The protester principally objects to the agency's decision to exercise the option to maintain an industrial mobilization base and argues that the Army should have competed the option requirements. Which allows military agencies to use other than competitive procedures in awarding contracts to a particular source or sources where such action is necessary to maintain a facility. That firm was. Valentec was awarded the balance of the requirements at a higher price. Because the Army determined that it was necessary to maintain at least two industrial mobilization base producers for the item so that the agency's cartridge supply line would not be shut down if one or the other supplier encountered delivery problems.
B-239499, Aug 29, 1990, 90-2 CPD 177
PROCUREMENT - Contract Management - Contract administration - Options - Use - GAO review PROCUREMENT - Noncompetitive Negotiation - Industrial mobilization bases - Competitive restriction - Administrative discretion DIGEST: Protester's generalized objections to agency decision to exercise a contract option in lieu of competing a requirement for ammunition links to maintain an industrial mobilization base do not demonstrate that the agency abused its discretion in exercising the option.
Valentec Wells, Inc.:
Valentec Wells, Inc. protests the exercise of an option for 58,995,168 M13 ammunition links under contract No. DAAA09-89-C-0200 (contract 0200) between DynAmerica, Inc. and the Department of the Army. The protester principally objects to the agency's decision to exercise the option to maintain an industrial mobilization base and argues that the Army should have competed the option requirements.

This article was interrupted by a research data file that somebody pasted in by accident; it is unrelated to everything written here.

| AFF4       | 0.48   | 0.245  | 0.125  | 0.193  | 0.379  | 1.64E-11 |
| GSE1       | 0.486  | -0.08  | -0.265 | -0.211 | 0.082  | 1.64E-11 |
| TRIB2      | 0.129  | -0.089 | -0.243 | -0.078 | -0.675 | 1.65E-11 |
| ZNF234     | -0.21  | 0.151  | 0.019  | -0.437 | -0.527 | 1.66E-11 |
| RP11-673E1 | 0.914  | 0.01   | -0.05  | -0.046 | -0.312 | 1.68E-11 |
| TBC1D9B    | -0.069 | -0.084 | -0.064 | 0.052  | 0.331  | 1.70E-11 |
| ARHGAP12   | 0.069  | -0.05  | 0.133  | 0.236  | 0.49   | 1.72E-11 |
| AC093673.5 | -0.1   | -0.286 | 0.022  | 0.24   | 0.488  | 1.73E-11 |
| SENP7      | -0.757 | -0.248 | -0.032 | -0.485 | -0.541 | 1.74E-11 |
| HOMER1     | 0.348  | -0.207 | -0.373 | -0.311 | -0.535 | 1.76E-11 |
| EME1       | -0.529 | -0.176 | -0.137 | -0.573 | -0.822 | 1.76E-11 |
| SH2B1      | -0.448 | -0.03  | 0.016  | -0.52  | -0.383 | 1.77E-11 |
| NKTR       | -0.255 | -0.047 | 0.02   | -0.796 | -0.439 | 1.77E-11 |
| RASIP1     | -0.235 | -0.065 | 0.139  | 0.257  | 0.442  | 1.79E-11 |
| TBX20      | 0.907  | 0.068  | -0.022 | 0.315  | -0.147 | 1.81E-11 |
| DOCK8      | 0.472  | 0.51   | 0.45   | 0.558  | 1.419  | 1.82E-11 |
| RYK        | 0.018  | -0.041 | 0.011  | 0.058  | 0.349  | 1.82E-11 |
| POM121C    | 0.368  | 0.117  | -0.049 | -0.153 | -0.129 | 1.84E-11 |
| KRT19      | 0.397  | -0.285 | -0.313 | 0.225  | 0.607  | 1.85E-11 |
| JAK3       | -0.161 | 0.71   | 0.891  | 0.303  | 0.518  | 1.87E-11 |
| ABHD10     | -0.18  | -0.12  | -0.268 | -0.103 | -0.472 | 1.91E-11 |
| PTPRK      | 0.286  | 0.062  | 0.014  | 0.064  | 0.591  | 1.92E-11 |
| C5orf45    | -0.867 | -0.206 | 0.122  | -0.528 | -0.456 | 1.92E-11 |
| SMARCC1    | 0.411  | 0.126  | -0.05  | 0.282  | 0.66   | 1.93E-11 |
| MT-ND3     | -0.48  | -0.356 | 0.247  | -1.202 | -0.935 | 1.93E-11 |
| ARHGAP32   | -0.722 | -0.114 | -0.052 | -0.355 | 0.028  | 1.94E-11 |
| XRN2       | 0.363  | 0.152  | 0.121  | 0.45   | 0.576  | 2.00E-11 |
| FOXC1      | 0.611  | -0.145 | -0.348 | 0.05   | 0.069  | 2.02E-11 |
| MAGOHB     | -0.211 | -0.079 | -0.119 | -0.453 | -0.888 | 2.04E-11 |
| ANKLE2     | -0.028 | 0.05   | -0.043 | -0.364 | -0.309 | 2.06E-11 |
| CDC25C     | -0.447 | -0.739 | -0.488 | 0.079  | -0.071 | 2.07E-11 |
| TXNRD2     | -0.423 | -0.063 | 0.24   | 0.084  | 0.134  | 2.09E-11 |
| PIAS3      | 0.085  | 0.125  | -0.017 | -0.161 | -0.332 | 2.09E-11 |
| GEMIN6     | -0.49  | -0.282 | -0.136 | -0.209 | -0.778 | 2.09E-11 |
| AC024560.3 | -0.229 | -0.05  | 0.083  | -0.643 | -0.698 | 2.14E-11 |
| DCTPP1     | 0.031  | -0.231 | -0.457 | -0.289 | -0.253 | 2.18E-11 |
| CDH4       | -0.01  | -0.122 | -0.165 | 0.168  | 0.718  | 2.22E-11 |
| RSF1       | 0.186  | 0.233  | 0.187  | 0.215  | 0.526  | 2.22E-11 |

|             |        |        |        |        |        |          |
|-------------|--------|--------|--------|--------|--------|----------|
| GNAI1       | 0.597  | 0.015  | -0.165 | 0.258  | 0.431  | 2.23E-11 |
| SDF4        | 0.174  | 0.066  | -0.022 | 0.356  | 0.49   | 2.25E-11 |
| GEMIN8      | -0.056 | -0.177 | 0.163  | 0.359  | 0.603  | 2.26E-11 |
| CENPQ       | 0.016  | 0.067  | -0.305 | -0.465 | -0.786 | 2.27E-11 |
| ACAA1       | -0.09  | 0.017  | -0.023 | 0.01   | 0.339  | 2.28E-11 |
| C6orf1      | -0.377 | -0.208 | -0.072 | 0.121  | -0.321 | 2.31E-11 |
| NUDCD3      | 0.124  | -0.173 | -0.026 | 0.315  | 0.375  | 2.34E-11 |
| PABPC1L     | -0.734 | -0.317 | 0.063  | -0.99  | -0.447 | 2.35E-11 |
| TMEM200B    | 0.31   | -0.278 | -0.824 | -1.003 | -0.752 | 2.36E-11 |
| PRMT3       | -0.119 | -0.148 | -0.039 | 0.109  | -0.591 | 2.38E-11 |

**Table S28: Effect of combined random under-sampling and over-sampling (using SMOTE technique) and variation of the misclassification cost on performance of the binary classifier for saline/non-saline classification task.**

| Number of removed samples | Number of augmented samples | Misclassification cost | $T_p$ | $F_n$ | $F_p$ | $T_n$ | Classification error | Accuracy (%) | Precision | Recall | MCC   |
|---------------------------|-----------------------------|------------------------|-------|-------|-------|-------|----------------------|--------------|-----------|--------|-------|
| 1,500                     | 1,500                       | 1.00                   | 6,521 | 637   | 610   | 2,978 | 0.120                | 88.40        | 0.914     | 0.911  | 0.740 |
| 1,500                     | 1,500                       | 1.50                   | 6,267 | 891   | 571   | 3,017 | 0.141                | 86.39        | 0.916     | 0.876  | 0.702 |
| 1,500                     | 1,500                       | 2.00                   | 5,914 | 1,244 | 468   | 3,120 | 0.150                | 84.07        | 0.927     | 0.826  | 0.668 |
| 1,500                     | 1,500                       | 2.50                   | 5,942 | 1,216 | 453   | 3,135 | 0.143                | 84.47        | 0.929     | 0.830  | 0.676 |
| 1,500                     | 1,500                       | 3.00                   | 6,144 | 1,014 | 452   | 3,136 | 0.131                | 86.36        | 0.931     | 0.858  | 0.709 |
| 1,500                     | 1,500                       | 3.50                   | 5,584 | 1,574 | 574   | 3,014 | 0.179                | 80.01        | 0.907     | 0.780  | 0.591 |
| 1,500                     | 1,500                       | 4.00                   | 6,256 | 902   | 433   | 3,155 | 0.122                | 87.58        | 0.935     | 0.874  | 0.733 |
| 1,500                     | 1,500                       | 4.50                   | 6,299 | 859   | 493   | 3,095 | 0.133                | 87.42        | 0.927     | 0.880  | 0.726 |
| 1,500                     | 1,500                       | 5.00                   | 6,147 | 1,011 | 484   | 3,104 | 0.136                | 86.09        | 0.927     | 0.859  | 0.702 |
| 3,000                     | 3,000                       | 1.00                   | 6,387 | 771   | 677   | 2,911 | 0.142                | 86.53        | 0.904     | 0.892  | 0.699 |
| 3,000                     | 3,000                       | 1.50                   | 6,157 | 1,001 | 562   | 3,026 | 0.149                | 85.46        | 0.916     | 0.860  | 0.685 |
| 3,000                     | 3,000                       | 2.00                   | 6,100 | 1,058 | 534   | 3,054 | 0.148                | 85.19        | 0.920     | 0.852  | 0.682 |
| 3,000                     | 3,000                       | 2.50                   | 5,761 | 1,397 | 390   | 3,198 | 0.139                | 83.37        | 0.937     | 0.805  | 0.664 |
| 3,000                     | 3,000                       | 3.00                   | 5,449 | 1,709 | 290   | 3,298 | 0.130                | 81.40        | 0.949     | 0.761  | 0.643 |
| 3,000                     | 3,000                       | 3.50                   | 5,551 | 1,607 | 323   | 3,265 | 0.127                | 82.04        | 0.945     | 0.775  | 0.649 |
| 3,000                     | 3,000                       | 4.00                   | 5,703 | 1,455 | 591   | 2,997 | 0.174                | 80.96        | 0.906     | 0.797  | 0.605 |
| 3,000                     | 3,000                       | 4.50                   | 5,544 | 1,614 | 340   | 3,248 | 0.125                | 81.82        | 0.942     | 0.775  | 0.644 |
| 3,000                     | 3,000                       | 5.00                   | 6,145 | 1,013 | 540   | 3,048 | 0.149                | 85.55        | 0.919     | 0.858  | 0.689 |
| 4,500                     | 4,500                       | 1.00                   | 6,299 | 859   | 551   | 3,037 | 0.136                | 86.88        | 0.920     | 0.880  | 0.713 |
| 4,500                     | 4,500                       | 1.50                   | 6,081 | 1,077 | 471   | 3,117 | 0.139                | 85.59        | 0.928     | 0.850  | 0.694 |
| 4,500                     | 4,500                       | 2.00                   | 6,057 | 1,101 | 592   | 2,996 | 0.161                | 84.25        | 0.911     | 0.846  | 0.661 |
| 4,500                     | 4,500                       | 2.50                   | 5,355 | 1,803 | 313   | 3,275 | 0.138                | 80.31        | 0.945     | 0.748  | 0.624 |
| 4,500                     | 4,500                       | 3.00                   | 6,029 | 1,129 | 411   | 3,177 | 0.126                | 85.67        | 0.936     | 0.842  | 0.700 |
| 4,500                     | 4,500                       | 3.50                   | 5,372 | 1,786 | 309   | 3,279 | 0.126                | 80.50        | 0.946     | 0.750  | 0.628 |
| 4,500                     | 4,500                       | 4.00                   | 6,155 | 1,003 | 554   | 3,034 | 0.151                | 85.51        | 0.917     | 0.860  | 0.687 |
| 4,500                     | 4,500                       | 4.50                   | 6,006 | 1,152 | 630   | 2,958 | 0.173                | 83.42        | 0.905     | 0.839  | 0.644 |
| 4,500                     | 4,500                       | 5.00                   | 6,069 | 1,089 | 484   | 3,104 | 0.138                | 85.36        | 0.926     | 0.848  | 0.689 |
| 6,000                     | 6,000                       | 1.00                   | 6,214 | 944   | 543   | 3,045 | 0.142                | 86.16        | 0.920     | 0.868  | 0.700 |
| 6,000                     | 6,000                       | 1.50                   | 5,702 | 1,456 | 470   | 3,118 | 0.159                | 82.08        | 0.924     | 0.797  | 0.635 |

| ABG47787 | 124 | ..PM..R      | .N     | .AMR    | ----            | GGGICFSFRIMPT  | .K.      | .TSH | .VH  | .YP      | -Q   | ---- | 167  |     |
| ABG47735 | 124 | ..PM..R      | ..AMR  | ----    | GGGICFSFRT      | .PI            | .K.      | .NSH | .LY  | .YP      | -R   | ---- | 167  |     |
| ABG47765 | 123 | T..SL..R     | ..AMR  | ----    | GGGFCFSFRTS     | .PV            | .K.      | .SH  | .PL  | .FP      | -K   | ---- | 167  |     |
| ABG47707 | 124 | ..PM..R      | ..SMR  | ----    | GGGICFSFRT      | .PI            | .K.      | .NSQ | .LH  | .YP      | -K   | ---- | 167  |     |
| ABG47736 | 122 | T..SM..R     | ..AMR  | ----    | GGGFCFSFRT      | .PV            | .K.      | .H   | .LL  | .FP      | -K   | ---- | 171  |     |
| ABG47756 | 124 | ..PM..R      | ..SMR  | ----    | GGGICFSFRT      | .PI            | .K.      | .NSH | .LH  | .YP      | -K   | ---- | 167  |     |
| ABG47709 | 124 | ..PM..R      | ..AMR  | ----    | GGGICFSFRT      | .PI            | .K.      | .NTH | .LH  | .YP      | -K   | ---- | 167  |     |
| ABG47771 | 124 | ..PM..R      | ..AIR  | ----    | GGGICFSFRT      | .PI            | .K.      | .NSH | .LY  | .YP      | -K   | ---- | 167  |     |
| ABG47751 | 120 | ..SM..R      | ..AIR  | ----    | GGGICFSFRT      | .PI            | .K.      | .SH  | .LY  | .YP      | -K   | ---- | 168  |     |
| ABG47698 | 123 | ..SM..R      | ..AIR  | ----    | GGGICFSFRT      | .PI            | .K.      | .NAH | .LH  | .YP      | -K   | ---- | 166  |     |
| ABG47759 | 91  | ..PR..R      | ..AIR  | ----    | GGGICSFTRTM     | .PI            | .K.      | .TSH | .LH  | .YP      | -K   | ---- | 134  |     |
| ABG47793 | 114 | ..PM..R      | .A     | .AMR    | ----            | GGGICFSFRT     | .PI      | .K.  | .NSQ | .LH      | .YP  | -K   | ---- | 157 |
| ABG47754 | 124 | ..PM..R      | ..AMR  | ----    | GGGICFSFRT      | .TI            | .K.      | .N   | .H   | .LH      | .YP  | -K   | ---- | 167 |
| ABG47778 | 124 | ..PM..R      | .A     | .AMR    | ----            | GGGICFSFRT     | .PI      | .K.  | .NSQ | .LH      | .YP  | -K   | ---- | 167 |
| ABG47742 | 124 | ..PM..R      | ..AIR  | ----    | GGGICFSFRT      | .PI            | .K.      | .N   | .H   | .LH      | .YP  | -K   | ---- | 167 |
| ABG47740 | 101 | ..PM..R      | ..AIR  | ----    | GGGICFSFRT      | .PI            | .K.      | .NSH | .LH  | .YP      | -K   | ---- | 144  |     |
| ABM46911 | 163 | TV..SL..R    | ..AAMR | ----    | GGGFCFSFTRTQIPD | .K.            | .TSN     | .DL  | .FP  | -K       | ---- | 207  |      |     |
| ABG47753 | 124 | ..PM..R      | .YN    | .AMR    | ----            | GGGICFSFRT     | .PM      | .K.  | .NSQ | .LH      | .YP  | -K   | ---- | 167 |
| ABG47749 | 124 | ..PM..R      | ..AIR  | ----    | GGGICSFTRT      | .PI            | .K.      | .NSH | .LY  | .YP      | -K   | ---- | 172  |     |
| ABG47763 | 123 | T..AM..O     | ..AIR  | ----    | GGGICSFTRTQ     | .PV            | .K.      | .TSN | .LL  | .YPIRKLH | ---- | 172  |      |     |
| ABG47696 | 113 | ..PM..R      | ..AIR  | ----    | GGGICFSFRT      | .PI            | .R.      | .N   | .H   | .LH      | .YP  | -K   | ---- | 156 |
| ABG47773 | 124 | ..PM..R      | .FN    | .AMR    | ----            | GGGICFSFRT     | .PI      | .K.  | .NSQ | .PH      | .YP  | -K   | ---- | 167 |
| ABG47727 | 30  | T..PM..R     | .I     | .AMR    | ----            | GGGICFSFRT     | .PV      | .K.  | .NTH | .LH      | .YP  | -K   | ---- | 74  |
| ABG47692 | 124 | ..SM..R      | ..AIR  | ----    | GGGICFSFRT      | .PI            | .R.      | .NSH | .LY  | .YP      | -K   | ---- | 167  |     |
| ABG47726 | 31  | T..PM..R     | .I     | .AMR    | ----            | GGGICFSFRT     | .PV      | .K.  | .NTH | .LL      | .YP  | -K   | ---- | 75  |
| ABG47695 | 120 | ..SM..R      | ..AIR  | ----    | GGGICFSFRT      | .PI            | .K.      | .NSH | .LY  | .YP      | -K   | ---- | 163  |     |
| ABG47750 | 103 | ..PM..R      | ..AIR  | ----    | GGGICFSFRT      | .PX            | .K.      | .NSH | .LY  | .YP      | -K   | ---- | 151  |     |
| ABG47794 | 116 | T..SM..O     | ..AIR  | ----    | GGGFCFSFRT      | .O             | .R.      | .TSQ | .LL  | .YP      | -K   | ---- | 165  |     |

We deny the protest.
In early 1989, Valentec and DynAmerica competed in a restricted competition for the M13 links conducted pursuant to 10 U.S.C. Sec. 2304(c)(3) (1988), which allows military agencies to use other than competitive procedures in awarding contracts to a particular source or sources where such action is necessary to maintain a facility, producer, or other supplier available for furnishing property in case of a national emergency or to achieve industrial mobilization. As a result of that competition, in which DynAmerica submitted the low unit price of $.020 for the base quantity, that firm was, on March 3, 1989, awarded contract 0200 for 55 percent of the Army's requirements of 181,607,938 links.
According to the agency, Valentec was awarded the balance of the requirements at a higher price, $.02152 per unit, because the Army determined that it was necessary to maintain at least two industrial mobilization base producers for the item so that the agency's cartridge supply line would not be shut down if one or the other supplier encountered delivery problems.